There are certainly other scary things associated with hospitals related to blood and gore, but these are too obvious. Subtle little events can creep up on you. As a young scrub nurse, one thing used to really freak me out. It never seemed to bother anyone else so I never vocalized my feelings of being creeped out. I guess I did not want to be thought of as an insecure scrub nurse.
Here is what gave me nightmares. We are nearing the end of a trauma case that was going along smoothly, a walk in the park. We are getting ready to close and all I have left on my Mayo stand is a couple of needle drivers, scissors and a pair of pick-ups. The surgeon announces, "I think I would like to get a stat X-Ray just to make sure we removed all of the fragments." In marches the X-ray technician with the portable machine. He wrestles the X-ray plate into position underneath the drapes and announces "Everybody take cover I'm shooting an X-ray." The circulating nurse and anesthetist run out of the room and the scrubbed members of the team hustle over into the corner behind a lead curtain.
A horrified glance over toward the OR table reveals a person lying there ALL ALONE, not a soul in sight, with a big wound. There is a stray sponge stick protruding from the wound like a mini flag pole and the hot lights are reflecting of that steel self-retaining retractor. The mechanical ventilator left unattended by anesthesia is making that rhythmic, ominous whooshing noise. The unattended Yankauer suction gizmo is making a hissing noise like a venomous snake preparing to strike. This scene used to give me that sick feeling right in the heart of my solar plexus. It really spooked me. YIKES!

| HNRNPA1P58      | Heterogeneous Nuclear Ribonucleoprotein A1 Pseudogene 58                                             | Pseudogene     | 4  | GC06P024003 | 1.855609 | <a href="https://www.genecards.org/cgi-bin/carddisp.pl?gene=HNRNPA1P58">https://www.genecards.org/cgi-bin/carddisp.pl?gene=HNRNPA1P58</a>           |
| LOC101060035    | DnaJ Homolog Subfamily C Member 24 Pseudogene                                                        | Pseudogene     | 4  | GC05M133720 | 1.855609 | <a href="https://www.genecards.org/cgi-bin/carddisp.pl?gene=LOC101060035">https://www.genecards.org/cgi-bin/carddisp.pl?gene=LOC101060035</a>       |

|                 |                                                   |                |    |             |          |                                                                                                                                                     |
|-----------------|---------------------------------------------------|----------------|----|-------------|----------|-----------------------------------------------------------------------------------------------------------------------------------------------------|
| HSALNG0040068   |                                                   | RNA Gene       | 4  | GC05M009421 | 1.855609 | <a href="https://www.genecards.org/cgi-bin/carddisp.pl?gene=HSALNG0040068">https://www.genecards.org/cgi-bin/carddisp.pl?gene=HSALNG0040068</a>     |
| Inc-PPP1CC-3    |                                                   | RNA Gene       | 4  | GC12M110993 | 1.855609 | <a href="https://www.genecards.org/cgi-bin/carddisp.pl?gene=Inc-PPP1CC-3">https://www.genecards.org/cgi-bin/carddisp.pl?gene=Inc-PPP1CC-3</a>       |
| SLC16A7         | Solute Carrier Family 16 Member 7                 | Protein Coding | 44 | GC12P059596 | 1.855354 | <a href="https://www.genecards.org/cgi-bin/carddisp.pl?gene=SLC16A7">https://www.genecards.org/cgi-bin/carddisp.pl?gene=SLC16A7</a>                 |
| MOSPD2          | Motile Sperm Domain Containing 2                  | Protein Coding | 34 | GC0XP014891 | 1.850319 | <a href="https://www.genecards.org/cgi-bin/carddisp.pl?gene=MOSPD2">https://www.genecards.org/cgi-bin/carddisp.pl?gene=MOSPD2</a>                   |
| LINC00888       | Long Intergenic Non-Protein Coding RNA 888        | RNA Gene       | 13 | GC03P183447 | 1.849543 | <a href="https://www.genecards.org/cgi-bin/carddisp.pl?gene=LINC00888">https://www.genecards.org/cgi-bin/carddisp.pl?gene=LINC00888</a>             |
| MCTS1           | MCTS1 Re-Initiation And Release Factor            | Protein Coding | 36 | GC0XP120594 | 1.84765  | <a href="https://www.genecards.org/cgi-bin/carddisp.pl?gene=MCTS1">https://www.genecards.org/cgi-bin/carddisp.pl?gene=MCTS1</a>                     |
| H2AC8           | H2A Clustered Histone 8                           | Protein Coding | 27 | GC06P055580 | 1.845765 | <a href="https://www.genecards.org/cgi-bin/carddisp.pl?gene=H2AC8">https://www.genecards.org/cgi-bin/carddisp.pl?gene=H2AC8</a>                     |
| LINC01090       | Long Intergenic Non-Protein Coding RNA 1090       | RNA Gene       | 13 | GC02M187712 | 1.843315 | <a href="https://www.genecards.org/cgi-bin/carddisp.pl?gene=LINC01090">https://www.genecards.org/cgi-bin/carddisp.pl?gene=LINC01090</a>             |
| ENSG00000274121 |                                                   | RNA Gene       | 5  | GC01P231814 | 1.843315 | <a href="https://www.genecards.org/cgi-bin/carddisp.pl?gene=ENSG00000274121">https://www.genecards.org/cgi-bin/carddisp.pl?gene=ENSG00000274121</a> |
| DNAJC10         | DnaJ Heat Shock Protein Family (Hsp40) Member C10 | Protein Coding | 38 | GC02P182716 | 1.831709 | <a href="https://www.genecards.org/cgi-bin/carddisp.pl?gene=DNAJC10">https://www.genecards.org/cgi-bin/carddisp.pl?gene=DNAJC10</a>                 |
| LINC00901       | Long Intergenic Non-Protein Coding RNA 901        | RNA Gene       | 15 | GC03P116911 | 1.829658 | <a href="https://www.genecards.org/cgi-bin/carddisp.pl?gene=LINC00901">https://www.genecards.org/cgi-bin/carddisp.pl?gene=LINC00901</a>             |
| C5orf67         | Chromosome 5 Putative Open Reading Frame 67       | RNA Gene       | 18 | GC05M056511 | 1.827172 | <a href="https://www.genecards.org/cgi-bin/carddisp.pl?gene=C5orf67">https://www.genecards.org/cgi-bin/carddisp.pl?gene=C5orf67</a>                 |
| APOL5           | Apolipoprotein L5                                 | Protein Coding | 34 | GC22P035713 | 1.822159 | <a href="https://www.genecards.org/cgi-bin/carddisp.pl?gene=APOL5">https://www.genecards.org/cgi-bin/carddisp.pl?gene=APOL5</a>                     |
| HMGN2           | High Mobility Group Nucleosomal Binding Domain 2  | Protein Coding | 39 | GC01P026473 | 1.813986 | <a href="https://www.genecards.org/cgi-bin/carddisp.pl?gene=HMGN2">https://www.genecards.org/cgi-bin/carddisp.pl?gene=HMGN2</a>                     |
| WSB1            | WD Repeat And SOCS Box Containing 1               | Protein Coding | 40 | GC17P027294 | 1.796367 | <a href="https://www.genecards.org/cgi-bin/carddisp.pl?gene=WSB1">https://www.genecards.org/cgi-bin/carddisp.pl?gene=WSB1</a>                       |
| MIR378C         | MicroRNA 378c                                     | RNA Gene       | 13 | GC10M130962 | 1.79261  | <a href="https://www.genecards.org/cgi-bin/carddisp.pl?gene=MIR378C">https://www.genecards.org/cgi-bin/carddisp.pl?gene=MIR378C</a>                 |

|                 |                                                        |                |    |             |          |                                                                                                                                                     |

I think several things here got to me. The stark realization that this was a real person, someone's mother or father, and not just another trauma case. The vulnerability of the person lying there all alone was stark. There should be a team of people in frenzied activity taking care of this person. The loneliness and helplessness was overwhelming. Luckily this lasted only the few seconds it took to get the X-ray and normal activity resumed. I literally ran back to my Mayo stand and was usually the first person to emerge from behind that lead curtain when the X ray was done. That very brief spooky moment of the patient lying there on that table all alone is really burned into my memory. It still gives me the creeps!
Lacking much of an emotional IQ, I could never really figure why this always spooked me out, but it certainly did the trick. Maybe it was goal interference in that it separated me from what I thought I should do. A loss of control? I don't know.
Halloweens of yesteryear were always fairly